Yup, it’s Guitar Hero.
Expect no revolutions or revelations. Much like the regular doses of Madden, Dance Dance Revolution, or even Halo, each iteration of the vaunted music series comes preloaded with anticipations and routines. We’ll strum away to our favorite songs while simultaneously cursing the conspicuous tinge of familiarity. Whether you love Guitar Hero or hate it, nothing about Warriors of Rock will sway you towards the other direction.
For the uninitiated (if such a mythical being exists anymore), the premise has remained the same since the original game debuted five years ago. Color-coded notes stream down the screen while you, with a plastic guitar or drum kit, strum and pound out the music with the corresponding buttons, or attempt to croon along on the microphone. Playing well, and activating Star Power to increase your multiplier effectively, rewards you with even more songs to play.
Quest mode is the newest addition to the series, which tasks you with powering up the usual cast of rockers and transforming them into warriors to take on the Beast and free the Demigod of Rock. Axel Steel, Lars Umlaut, Judy Nails, and five other recognizable faces have their own songs that need to be mastered in preparation of the final showdown. As entertaining as it is to see Johnny morph into a demon, or Lars into a nipple-ringed boar, Quest mode is little more than the usual collection of set-lists with added cutscenes.
Each character has at least one unique power in Quest mode. Johnny begins with a 2x multiplier that rises faster, and he receives bonus stars for staying at 3x and higher. Pandora’s Star Power multiplier is 3x instead of 2x, and Austin Tejas gets Star Power twice as fast. All of their powers combine when it comes time to form a band for the final set. It’s an idea worth exploring again, but in its current state, it does nothing to change the entire point of the game – don’t miss notes.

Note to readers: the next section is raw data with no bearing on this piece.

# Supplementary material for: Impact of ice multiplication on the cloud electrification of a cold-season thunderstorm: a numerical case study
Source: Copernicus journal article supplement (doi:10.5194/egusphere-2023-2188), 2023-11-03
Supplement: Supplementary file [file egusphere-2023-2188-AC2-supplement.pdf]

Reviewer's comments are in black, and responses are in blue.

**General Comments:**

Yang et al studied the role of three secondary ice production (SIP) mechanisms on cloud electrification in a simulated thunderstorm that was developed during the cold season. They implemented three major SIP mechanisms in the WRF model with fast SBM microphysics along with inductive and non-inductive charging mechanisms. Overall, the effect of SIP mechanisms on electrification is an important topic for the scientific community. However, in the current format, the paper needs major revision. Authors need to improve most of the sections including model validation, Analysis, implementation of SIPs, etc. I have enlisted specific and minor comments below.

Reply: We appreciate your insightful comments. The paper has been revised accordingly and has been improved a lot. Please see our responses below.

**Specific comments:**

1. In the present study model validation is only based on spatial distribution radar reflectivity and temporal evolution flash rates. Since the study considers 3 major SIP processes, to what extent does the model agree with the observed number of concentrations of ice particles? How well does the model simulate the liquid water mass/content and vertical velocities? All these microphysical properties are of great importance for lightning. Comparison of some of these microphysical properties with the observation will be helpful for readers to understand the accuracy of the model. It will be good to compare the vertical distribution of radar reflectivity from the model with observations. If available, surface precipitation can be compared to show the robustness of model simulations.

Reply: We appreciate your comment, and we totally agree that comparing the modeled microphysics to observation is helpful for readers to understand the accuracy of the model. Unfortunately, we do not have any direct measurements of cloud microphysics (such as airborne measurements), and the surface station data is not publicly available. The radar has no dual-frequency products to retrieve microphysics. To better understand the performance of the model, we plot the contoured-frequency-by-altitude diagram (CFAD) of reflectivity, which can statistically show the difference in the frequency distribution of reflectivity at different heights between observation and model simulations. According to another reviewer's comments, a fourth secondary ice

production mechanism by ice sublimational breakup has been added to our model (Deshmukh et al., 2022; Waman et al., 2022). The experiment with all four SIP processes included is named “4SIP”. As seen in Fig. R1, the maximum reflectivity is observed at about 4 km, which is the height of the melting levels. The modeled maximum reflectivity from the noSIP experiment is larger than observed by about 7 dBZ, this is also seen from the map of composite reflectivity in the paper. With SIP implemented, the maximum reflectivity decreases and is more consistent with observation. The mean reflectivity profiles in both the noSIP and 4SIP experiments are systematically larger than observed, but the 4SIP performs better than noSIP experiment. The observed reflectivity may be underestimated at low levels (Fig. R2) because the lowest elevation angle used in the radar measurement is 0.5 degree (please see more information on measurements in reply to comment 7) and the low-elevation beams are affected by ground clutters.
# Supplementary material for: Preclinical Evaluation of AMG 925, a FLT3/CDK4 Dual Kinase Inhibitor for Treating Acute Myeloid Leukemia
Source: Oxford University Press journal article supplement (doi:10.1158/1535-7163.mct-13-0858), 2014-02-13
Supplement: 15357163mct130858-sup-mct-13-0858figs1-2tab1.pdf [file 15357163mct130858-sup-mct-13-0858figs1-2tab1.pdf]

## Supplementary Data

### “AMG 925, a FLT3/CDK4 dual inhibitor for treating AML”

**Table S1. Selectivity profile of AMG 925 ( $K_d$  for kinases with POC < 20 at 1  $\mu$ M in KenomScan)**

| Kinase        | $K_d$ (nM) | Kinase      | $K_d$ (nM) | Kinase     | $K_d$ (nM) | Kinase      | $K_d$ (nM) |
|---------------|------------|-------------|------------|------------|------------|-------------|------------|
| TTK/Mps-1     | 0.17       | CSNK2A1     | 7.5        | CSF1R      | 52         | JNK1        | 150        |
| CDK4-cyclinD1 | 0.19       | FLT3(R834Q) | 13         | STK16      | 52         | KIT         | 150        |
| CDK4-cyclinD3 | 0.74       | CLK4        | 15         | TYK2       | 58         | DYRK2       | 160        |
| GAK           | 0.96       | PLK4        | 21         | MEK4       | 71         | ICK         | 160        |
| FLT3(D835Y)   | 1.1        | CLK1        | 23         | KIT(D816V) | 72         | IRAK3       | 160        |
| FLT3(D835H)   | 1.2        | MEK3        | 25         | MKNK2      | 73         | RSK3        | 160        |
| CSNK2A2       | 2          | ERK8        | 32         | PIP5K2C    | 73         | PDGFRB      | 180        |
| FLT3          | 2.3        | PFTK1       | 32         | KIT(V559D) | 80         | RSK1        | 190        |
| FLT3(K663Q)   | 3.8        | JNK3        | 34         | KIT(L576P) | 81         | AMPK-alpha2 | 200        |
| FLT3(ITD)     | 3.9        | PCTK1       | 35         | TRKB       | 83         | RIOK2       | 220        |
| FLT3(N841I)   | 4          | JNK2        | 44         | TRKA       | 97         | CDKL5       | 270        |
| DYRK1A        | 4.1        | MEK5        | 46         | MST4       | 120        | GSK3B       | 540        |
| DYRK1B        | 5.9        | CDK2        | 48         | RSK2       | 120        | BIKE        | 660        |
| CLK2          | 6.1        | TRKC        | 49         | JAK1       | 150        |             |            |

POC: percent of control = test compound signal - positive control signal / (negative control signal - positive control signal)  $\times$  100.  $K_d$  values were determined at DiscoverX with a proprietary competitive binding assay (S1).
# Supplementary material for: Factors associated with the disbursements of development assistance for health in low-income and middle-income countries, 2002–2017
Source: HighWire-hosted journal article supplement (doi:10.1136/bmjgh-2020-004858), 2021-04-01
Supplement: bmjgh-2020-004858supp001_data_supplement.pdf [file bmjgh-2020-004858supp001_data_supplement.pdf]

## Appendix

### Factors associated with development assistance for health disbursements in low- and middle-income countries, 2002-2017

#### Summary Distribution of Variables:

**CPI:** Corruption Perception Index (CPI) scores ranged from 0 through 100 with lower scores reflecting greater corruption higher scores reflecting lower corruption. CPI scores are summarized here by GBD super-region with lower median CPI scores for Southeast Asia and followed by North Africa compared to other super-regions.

Neversoft did a fine job of matching characters with their respective genres of music. Punk rocker Johnny Napalm’s set includes “What Do I Get?” by The Buzzcocks, “Self Esteem” by The Offspring, and “Black Rain” by Soundgarden. Meanwhile, Axel Steel hits up “Modern Day Cowboy” by Tesla and “Unskinny Bop” by Poison, and Pandora delves into the modern scene with “Suffocated” by Orianthi.
Every release of Guitar Hero is bound to live or die based on its song collection, and this one is sure to be divisive. It’s almost hard to believe that “Self Esteem” by The Offspring and “Interstate Love Song” by Stone Temple Pilots hadn’t appeared before, but harder to believe that Queensryche’s “Jet City Woman” appears in lieu of “Empire.” Atreyu, Anberlin, and Rise Against make welcome appearance, but Motorhead, Misfits, and Jimi Hendrix are conspicuously absent. At the very least, many songs from previous installments can be easily imported for a small fee.
There is one band in the game that I can absolutely do without, a band that is the sole reason I dread every playing through Quest mode again – Rush. Midway through the game, you will be forced to endure, or possibly relish, all 20+ minutes of 2112, complete with narration. I’m sure that some people are already drooling and ready to crucify me for my heretical ways, but variety and choice have always been selling points of Guitar Hero. Had it not been for this review, I might have quit then and there.
Outside of Quest mode, Warriors of Rock and Guitar Hero 5 are nearly identical. There are options to create nearly any conceivable rocker under the sun, and GH Studio is back for would-be song creators. Quickplay, a load of Competitive modes, including team-based versions, and the non-stop Party mode are all present and accounted for. The latter, which lets players jump in and out and change difficulties during a non-stop mix, is a personal favorite for get-togethers.
Guitar Hero: Warriors of Rock hides beneath the guise of an epic story, which makes it all the more disappointing that it’s really the same game all over again. The series has slipped into reunion mode. Loyal fans will keep it alive, but to everyone else, it has already become a has-been.